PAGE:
This post has been imported from my previous blog. I did my best to parse XML properly, but it might have some errors.
If you find one, send a Pull Request.
Here comes the last but not least entry in a series, where I’m describing a few patterns that enabled me to process 2 billions items per day, using Azure Functions. The goal was to do it in a cost-aware and cost-wise manner, enabling fast processing with a small amount of money spent on this.
The first part was all about batching on the sender side. The second part, was all about batching on the receiver side. The third provided the way, to use Azure services without paying for function execution. The last part is about costs and money.
When running under Consumption Plan, you get something for free. What you get is the following:
The first item is measured with 1 ms accuracy. Unfortunately for the runner,
The minimum execution time and memory for a single function execution is 100 ms and 128 mb respectively.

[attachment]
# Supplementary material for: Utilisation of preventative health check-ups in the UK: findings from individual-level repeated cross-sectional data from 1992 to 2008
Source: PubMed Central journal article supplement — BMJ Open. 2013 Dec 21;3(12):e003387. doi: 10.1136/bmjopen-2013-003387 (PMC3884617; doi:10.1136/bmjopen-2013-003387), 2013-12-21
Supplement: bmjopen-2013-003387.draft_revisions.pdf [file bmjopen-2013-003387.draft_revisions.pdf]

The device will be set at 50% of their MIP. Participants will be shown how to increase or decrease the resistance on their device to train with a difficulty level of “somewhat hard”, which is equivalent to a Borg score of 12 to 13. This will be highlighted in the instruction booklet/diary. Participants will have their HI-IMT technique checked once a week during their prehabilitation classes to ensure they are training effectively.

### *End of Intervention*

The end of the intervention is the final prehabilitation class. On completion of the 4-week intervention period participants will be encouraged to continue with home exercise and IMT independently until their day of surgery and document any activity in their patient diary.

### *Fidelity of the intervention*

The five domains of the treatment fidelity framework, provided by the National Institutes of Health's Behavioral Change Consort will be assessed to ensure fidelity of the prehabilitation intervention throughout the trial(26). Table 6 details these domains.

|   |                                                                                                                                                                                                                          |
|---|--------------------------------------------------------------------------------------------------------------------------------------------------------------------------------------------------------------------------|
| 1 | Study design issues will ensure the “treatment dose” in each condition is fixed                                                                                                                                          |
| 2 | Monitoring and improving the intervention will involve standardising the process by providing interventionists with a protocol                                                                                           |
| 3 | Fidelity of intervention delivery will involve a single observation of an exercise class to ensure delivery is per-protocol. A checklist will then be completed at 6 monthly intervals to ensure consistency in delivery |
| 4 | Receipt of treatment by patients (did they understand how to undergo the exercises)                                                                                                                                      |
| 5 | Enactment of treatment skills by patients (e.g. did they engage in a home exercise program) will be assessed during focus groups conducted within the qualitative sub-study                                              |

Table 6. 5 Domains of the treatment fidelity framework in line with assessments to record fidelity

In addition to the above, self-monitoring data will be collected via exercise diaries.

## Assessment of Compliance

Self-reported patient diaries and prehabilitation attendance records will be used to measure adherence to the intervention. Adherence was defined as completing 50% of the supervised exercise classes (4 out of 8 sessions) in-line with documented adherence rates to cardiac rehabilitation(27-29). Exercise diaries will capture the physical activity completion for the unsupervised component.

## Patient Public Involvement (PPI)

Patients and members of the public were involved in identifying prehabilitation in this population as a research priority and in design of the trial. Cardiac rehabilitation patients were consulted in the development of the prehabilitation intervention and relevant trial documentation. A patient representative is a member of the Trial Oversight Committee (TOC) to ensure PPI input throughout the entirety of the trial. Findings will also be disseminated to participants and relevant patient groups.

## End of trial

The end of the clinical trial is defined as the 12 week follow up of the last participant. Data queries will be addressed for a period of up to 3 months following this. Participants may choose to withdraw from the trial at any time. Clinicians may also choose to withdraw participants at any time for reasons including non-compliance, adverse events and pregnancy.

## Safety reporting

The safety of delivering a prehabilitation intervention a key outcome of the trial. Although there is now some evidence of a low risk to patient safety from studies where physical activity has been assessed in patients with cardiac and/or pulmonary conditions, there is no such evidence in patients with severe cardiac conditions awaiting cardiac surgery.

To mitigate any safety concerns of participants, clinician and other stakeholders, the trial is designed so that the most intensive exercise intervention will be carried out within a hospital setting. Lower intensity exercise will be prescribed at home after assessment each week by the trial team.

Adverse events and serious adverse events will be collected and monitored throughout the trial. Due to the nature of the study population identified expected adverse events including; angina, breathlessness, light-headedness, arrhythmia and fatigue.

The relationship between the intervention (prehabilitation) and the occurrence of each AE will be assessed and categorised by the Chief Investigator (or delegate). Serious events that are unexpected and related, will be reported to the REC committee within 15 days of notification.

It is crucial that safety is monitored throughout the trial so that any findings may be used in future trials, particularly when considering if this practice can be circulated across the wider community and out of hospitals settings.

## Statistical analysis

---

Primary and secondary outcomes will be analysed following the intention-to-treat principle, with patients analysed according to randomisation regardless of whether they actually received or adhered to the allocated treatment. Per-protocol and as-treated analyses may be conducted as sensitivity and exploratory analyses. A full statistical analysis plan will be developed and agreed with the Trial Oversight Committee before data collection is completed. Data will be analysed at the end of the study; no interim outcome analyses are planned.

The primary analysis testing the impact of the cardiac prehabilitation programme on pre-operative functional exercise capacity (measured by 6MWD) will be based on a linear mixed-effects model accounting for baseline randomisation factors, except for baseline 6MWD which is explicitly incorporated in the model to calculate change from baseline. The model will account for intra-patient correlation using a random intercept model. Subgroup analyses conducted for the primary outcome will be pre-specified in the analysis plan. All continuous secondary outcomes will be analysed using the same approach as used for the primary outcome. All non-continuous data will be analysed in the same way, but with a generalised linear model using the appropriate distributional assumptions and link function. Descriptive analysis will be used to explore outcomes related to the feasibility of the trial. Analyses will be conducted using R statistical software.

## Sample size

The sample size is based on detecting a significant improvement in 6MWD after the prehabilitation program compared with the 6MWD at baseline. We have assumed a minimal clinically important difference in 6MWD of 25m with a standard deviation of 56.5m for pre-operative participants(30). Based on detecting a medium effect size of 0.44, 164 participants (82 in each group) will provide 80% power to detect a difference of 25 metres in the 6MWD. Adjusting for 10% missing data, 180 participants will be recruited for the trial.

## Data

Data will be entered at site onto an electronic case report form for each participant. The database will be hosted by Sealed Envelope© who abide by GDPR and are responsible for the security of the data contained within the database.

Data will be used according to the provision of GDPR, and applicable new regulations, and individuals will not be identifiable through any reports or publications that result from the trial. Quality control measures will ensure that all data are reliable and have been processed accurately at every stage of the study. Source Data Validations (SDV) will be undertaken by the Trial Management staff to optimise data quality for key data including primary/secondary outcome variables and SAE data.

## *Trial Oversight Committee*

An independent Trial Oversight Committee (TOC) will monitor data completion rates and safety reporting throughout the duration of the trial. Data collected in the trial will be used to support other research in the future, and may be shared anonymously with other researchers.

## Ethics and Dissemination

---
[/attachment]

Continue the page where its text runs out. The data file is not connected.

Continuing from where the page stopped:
This means that even if your function could be run under 100ms, you’d pay for it. Fortunately for me, using all the batching techniques from the past en tries, that’s not the case. I was able to run function for much longer, removing the taxation of a minimal run time.
Now the second measure. On average there’s over 2 million seconds in a month. This means, that if your functions is executed with smaller frequency, that should be enough.
Not much at all. Below, you can find a table from Cost Management. The table includes the writer used for synthetic tests, so the overall it should be much lower.
This would mean that I was able to process 60 billion of items per month, using my optimized approach, for 3$.
Nope, it’s not. There’s no such a thing like free lunch. You’d need to add all the ingredients, like Azure Storage Account operations (queue, table, blobs) and a few more (CosmosDB, anyone?). Still, you must admit, that the price for the computation itself is unbelievebly low.
In this series we saw, that by using a cloud native approaches like SAS tokens, and treating functions a bit differently (batch computation), we were able to run under a Consumption Plan and process loads of items. As always, entering a new environment and embracing its rules, brought a lot of goodness. Next time, when writing “just a functiona that will be processed a few millions times per month” we need to think and think again. We may pay much less, if our approach truly embrace the new backendless reality of Azure Functions.